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BLOK 42

A vivid and insightful historical novel by a debut author.

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In Obara’s novel, a young Polish woman shows indomitable courage in the face of the occupation of her country during World War II.

In 1939, Aniela Bartosz (née Majewska) has a wonderful life in Kraków. She’s married to a good man, Henryk Bartosz, and they have a beautiful daughter, Wanda. But when the Nazis march into Poland, the Bartoszes’ dream turns into a nightmare. Aniela’s father, Professor Bogdan Majewski, is arrested with the whole faculty of his university and dies in a labor camp; Henryk goes off to join the defense forces and then the resistance against the Nazis. Strong-willed Aniela is seen as a troublemaker by the Nazis and winds up in Auschwitz—but before that happens, little Wanda is taken from her mother and given to a German family to raise as their own. Aniela later becomes the secretary of a camp functionary named Joachim Beckmann, who rapes her and then convinces himself that he’s in love with her; she suffers through this because he promises that he’ll try to find out what happened to Wanda. Later, however, she’s sent to Blok 42, the camp brothel for Polish prisoners. Blok 42 was a real place at Auschwitz, and the author’s discovery of this fact inspired the novel. Obara is Polish American and the daughter of immigrants, so she knows the culture of the Bartoszes well, and her prose is skillful throughout, as when she describes a bombing as “obliterating…men in an arc of chaotic energy.” And she captures the arrogance and cruelty of the Nazis, as well their blind hypocrisy, as when Beckmann warns Aniela that Russians have no ethics. Aniela is a strong and memorable character who achieves “a fundamental belief in…what that life was worth.” The book’s last lines are truly stunning.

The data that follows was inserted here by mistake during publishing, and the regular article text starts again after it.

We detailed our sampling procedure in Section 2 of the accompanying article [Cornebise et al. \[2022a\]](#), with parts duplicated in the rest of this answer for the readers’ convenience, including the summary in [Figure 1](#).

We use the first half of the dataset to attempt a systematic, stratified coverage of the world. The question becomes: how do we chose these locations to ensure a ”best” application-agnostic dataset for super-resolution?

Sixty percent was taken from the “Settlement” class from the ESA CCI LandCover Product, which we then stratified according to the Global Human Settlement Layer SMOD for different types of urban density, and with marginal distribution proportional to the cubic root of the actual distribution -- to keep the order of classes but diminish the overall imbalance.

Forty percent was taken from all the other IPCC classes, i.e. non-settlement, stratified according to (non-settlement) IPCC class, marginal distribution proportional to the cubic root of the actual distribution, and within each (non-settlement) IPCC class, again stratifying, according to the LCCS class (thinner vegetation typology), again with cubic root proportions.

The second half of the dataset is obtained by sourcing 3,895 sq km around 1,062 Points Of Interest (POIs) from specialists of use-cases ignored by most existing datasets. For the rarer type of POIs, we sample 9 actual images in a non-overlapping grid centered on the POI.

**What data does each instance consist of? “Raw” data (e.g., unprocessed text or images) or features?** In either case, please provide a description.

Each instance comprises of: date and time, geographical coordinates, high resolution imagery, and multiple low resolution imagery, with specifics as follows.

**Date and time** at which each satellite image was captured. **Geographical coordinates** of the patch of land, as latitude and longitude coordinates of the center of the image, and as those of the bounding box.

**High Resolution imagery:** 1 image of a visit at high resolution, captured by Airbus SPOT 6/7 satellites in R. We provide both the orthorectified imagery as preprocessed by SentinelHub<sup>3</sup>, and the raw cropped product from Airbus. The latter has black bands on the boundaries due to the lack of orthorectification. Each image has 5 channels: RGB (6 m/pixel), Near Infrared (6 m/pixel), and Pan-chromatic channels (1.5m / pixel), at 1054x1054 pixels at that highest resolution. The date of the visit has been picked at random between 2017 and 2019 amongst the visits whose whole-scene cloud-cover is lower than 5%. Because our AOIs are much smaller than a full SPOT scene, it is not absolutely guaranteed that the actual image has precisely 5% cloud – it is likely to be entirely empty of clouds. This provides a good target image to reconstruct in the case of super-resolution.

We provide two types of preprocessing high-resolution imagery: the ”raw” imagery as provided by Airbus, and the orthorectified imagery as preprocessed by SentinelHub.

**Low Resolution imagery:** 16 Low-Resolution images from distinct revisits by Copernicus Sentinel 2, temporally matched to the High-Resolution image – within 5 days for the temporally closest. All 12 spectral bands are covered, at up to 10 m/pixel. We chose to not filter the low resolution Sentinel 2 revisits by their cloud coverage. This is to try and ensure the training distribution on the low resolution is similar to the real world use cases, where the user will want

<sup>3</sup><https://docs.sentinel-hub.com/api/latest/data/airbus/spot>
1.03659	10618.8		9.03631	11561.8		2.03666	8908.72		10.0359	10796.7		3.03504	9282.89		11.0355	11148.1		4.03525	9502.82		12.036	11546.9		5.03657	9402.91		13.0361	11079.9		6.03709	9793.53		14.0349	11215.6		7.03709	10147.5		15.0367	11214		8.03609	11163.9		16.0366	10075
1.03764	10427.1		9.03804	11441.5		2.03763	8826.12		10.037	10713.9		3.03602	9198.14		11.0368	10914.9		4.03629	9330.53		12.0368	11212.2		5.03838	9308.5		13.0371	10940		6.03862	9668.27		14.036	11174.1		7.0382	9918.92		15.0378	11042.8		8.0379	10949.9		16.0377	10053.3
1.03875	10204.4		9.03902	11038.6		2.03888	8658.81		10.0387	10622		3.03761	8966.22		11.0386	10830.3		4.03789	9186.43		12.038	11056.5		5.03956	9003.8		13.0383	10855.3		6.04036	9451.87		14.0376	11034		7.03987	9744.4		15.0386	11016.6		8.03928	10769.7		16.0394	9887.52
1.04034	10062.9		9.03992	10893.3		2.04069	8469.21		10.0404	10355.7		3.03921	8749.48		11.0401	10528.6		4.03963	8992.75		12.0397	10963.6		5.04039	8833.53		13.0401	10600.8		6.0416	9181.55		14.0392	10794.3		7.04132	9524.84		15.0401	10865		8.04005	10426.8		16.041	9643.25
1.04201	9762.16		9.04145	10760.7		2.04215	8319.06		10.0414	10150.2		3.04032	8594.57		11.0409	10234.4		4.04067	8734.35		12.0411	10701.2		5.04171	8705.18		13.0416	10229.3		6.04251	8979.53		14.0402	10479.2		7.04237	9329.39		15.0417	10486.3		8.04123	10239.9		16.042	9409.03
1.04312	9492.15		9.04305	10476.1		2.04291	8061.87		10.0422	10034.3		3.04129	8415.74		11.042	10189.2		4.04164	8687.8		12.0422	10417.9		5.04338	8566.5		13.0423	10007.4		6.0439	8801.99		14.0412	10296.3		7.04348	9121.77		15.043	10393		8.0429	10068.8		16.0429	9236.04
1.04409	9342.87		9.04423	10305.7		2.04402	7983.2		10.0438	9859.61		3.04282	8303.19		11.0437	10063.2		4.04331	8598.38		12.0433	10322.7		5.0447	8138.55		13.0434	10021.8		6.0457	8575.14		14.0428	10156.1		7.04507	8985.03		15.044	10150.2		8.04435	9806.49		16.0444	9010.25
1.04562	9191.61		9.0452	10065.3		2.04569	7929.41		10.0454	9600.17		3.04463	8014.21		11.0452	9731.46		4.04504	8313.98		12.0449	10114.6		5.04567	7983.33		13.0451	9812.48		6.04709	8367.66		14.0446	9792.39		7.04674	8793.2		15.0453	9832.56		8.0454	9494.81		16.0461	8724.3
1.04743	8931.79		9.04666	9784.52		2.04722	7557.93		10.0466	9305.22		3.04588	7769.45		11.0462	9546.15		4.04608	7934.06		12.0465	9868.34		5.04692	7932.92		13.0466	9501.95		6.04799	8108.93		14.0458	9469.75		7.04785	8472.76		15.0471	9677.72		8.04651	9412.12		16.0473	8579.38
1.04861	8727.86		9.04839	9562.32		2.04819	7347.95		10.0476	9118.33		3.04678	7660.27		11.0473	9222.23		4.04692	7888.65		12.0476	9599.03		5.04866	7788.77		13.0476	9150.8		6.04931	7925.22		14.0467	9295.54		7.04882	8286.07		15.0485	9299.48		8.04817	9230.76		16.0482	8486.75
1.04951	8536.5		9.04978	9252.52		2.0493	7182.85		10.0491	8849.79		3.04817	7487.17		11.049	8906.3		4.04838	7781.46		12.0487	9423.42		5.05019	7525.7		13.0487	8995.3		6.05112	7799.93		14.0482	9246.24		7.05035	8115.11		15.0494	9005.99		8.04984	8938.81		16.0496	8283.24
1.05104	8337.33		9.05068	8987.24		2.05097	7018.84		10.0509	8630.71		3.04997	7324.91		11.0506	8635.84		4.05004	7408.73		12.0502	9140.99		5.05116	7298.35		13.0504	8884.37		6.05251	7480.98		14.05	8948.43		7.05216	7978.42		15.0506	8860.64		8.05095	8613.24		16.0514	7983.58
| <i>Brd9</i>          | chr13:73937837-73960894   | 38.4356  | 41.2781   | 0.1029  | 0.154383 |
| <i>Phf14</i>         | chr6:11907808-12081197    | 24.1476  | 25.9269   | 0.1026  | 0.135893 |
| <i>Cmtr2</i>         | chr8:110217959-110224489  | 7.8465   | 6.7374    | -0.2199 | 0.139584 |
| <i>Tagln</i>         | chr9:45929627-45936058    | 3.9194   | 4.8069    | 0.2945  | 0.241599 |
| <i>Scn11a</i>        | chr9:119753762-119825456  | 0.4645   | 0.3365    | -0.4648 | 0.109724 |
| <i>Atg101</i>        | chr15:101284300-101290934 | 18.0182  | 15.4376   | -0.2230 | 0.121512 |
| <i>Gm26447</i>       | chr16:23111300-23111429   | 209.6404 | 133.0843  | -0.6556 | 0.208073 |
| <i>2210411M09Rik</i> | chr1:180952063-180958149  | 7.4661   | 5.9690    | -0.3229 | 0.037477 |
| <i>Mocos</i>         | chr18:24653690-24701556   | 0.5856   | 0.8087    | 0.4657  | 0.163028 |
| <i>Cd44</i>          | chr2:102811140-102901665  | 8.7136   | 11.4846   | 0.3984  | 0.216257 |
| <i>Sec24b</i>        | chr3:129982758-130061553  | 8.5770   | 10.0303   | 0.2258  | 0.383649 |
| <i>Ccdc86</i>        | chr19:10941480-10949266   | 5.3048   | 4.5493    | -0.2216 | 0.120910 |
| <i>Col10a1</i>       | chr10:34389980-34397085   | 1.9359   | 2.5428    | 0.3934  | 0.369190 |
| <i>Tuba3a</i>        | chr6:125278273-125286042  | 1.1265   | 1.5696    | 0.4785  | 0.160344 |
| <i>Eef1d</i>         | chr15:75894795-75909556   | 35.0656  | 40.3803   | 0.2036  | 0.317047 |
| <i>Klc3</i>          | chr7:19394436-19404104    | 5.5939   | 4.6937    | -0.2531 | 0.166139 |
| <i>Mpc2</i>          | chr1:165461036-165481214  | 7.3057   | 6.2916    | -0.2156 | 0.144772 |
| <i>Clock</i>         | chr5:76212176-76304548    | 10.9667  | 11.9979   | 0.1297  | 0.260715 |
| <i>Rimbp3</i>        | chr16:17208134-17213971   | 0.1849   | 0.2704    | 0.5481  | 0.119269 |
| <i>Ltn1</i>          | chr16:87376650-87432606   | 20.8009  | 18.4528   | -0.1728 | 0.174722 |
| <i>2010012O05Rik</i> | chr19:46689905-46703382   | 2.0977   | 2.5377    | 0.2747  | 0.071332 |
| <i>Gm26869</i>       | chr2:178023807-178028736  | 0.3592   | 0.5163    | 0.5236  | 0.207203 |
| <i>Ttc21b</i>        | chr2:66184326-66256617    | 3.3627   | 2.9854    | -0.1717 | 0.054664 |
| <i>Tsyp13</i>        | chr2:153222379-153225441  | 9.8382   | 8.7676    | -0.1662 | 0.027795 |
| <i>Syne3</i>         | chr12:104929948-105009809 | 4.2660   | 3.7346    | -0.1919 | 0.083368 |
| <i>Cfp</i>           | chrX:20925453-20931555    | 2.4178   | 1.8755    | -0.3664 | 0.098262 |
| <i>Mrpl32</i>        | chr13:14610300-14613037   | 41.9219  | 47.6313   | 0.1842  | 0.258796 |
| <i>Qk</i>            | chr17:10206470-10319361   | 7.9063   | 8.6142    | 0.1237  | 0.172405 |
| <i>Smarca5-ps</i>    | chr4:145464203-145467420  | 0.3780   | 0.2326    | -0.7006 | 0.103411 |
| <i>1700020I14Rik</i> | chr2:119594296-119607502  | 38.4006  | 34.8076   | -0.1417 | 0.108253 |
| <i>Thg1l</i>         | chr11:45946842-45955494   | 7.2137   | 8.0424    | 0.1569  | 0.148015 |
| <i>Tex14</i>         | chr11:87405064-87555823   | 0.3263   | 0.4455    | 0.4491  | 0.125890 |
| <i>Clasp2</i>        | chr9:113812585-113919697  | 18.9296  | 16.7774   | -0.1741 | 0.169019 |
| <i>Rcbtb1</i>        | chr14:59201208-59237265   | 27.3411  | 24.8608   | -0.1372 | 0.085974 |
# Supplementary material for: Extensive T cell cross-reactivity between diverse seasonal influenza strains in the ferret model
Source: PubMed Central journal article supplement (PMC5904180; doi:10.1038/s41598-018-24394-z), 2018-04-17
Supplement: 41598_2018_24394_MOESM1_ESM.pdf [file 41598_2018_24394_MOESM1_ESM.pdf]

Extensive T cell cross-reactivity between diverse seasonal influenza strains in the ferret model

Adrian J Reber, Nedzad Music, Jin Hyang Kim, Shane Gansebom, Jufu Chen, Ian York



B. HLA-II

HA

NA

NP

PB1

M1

A vivid and insightful historical novel by a debut author.

Pub Date: March 28, 2024

ISBN: N/A

Page Count: 312

Publisher: Vanguard Press

Review Posted Online: Feb. 28, 2024

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THE WOMEN

A dramatic, vividly detailed reconstruction of a little-known aspect of the Vietnam War.

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A young woman’s experience as a nurse in Vietnam casts a deep shadow over her life.

When we learn that the farewell party in the opening scene is for Frances “Frankie” McGrath’s older brother—“a golden boy, a wild child who could make the hardest heart soften”—who is leaving to serve in Vietnam in 1966, we feel pretty certain that poor Finley McGrath is marked for death. Still, it’s a surprise when the fateful doorbell rings less than 20 pages later. His death inspires his sister to enlist as an Army nurse, and this turn of events is just the beginning of a roller coaster of a plot that’s impressive and engrossing if at times a bit formulaic. Hannah renders the experiences of the young women who served in Vietnam in all-encompassing detail. The first half of the book, set in gore-drenched hospital wards, mildewed dorm rooms, and boozy officers’ clubs, is an exciting read, tracking the transformation of virginal, uptight Frankie into a crack surgical nurse and woman of the world. Her tensely platonic romance with a married surgeon ends when his broken, unbreathing body is airlifted out by helicopter; she throws her pent-up passion into a wild affair with a soldier who happens to be her dead brother’s best friend. In the second part of the book, after the war, Frankie seems to experience every possible bad break. A drawback of the story is that none of the secondary characters in her life are fully three-dimensional: Her dismissive, chauvinistic father and tight-lipped, pill-popping mother, her fellow nurses, and her various love interests are more plot devices than people. You’ll wish you could have gone to Vegas and placed a bet on the ending—while it’s against all the odds, you’ll see it coming from a mile away.